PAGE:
Black Ironwood   Krugiodendron ferreum 

Black ironwood is appropriate for any sized yard anywhere in South Florida, especially as a street tree in a hot, windy, sunny, well-drained location with limited space.  It takes well the reflected heat of the asphalt river that runs through your neighborhood.

With the hardest wood of all the hardwoods, black ironwood generally tops out at under thirty feet.  This is far shorter than the trees of Tennessee, which can be three times that tall, but suitable for our windy, sub-tropical locale.

It is one of the best-behaved trees you will ever meet, needing no irrigation when established, and minimal trimming every year or so.

Black ironwood is great as a specimen in a sunny corner (photo above), or for naturalized screening in the 5' to 25'+ range (photo at right).

The tiny perfect flowers are not very noticeable (considered "insignificant" by botanical classifiers), but are a source of nectar for pollinators.  I'd say that has at least some significance.

A multiplicity of birds go for the fruits, which are just about the size of M&Ms.

During the spring, we had cardinals nesting in the black ironwoods in pots around the nursery.  We had to keep customers from buying them until the fledglings had flown away.

Far left photo, mother on nest; left photo, two hatchlings.
   
   
Yucch! What's going on with that black ironwood? 

Sooty mold invariably appears on the leaves of black ironwoods in humid locations, such as in our nursery, where the plants are closely grouped, and regularly irrigated and a moist little micro-climate develops. 

The sooty mold is primarily a rainy season phenomenon when water cannot evaporate from the surface of the leaf.  It does not penetrate into the leaf, and does not affect the health of the plant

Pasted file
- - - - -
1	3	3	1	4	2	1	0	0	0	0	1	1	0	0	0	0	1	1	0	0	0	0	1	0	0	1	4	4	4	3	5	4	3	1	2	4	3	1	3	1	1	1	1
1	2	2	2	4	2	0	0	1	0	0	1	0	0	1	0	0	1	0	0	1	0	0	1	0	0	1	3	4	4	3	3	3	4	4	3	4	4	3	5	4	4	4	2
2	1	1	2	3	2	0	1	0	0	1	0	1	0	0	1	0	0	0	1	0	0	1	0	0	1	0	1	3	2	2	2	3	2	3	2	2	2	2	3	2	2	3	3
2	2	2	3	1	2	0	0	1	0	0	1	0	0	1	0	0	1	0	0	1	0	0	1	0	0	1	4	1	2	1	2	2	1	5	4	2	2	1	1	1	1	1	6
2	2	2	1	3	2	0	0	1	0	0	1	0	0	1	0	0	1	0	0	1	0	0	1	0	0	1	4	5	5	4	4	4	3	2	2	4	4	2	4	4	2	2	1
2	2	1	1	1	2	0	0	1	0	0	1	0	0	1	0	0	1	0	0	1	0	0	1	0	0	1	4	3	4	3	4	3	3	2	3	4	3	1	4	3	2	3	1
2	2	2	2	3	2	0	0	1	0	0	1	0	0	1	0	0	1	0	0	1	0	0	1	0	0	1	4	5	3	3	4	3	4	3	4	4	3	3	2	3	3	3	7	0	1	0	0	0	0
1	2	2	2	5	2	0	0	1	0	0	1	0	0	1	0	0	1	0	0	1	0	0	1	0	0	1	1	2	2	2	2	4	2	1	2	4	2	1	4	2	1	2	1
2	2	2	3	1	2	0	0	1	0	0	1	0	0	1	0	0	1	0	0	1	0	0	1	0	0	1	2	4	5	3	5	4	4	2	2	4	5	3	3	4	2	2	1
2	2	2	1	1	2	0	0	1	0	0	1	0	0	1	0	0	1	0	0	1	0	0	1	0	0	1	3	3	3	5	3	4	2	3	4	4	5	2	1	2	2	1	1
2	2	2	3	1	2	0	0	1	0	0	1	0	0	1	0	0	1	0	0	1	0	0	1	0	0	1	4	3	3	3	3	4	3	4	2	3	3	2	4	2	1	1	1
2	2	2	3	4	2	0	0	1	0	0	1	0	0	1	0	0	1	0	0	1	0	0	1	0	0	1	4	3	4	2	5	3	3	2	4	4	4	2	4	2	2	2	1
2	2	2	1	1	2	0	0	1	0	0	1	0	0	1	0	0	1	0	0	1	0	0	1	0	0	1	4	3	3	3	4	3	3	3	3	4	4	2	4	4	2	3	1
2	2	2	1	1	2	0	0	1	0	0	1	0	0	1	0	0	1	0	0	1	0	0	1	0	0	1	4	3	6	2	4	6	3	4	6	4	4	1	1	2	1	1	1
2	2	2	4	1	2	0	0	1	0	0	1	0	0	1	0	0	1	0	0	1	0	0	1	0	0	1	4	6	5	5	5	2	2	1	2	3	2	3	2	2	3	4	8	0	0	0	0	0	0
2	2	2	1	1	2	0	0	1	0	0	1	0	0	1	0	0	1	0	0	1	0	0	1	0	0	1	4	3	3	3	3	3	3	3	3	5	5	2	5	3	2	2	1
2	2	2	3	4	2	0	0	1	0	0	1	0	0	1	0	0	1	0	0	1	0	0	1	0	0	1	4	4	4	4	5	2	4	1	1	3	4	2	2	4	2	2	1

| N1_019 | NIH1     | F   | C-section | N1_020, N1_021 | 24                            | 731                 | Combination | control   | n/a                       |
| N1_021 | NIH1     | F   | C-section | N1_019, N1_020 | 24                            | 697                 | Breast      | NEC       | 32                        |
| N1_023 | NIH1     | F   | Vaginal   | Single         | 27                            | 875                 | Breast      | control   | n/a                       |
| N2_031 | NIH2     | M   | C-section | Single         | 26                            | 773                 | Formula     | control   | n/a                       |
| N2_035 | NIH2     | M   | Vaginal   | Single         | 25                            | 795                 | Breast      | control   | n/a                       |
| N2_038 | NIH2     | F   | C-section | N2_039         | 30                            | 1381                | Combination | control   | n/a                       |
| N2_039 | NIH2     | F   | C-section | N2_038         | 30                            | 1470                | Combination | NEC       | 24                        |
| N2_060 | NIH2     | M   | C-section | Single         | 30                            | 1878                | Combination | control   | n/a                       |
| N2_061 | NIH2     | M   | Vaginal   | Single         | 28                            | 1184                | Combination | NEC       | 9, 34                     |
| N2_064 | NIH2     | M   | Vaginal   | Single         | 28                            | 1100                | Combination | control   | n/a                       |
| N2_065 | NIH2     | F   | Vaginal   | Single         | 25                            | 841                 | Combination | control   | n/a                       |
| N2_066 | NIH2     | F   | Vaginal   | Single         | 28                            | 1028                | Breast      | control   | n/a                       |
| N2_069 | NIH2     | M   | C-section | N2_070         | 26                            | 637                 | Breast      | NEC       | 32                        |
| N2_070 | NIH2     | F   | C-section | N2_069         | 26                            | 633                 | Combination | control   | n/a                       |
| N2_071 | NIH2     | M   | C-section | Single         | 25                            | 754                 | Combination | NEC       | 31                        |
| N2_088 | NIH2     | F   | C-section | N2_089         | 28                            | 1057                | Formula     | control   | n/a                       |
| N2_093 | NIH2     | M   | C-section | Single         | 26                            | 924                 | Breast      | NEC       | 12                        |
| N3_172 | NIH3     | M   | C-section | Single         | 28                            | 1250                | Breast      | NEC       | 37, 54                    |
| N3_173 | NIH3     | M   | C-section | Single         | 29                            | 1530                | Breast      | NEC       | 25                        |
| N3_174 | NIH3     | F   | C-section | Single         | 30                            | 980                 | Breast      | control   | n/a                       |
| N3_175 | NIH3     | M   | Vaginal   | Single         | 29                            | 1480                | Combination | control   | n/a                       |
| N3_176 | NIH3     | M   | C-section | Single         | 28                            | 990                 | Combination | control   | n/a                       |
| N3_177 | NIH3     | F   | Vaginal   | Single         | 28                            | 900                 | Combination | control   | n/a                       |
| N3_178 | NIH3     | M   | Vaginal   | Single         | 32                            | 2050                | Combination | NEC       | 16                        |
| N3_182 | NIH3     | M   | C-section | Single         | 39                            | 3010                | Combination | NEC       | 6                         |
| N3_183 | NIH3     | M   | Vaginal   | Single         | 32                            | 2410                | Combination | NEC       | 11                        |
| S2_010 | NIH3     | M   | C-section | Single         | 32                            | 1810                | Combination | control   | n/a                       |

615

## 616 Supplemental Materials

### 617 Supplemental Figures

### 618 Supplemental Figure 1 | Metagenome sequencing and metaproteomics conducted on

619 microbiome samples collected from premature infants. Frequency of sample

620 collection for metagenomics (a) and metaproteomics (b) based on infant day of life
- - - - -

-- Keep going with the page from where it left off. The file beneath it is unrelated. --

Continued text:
You will not have this problem if you avoid planting them in places with poor air circulation or overly-humid conditions. 

When the weather becomes drier, the new growth emerges with a clean, glossy, golden sheen.

 

It does not have an invasive root system, or produce large amounts of litter.  

At left is a close-up of the trunk of the 15-foot specimen in the photo above.  The diameter at the base is about 8 inches.

Ironwood gets its name because it sinks when put in water. It has the densest wood of any tree in North America. 

Along with gumbo limbo, stands of black ironwood used to develop in the interior of coastal hammocks in South Florida, the Keys and throughout the Caribbean.

The Keys pioneers used it for firewood and fence posts.  In the Caribbean area, all of the largest stands were logged out decades ago.  If we begin replanting now, in 50 years people will be able to enjoy large specimens.

At left and below, are photos of various garden specimens, about 15' high now. 

This lizard is guarding the trunk of his favorite tree.

Black ironwood forms a nice canopy that is pleasant to relax under and gaze at the sky. 

When the tree is small, you may place a love-seat in its shade.  As the canopy develops, there will be room for a playpen.

Since you're stuck in the office today, use these photos to imagine yourself lying on a blanket looking up at the sky.

   

We've got plenty of nice ones in 3-gal. containers, about 3'-4' high.

At left, in 10-gal., about 5'-6' planted height. 

Below left, in 25-gal.; they vary in height from approximately 8' to 10' high. 

Below, close-up of wind-tolerant, multi-trunk growth habit.  Black ironwood shrugs off high winds with a technology similar to the one used in making the centuries-old, earthquake-resistant paper houses in Japan: quiverability.

 

Call for prices, or come by to visit them in person.


Plant Creations, Inc.

305-248-8147

e-mail: plants@plantcreations.com
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Home
Botanical Tags
Butterfly Host Plants
Cardinals at the nursery
Coastal
Cold Damage
Driving Directions
Feedback
Fragrant Plants
Groundcovers
Hammock
In the Shadehouse
Invasive Plants
Landscaping for Hurricanes
Managing Your Plants
Mealybug Destroyers
Misc. Tropical Plants
Our Nursery
Plant Archives
Plant List
Landscaping Jobs
References
Screening
Search Page
Services
Shipping
Stone Planters
Stoppers
Street Trees
What About the Environment?
Wildlife at Plant Creations
Xerophytes
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Last updated:  12/20/2011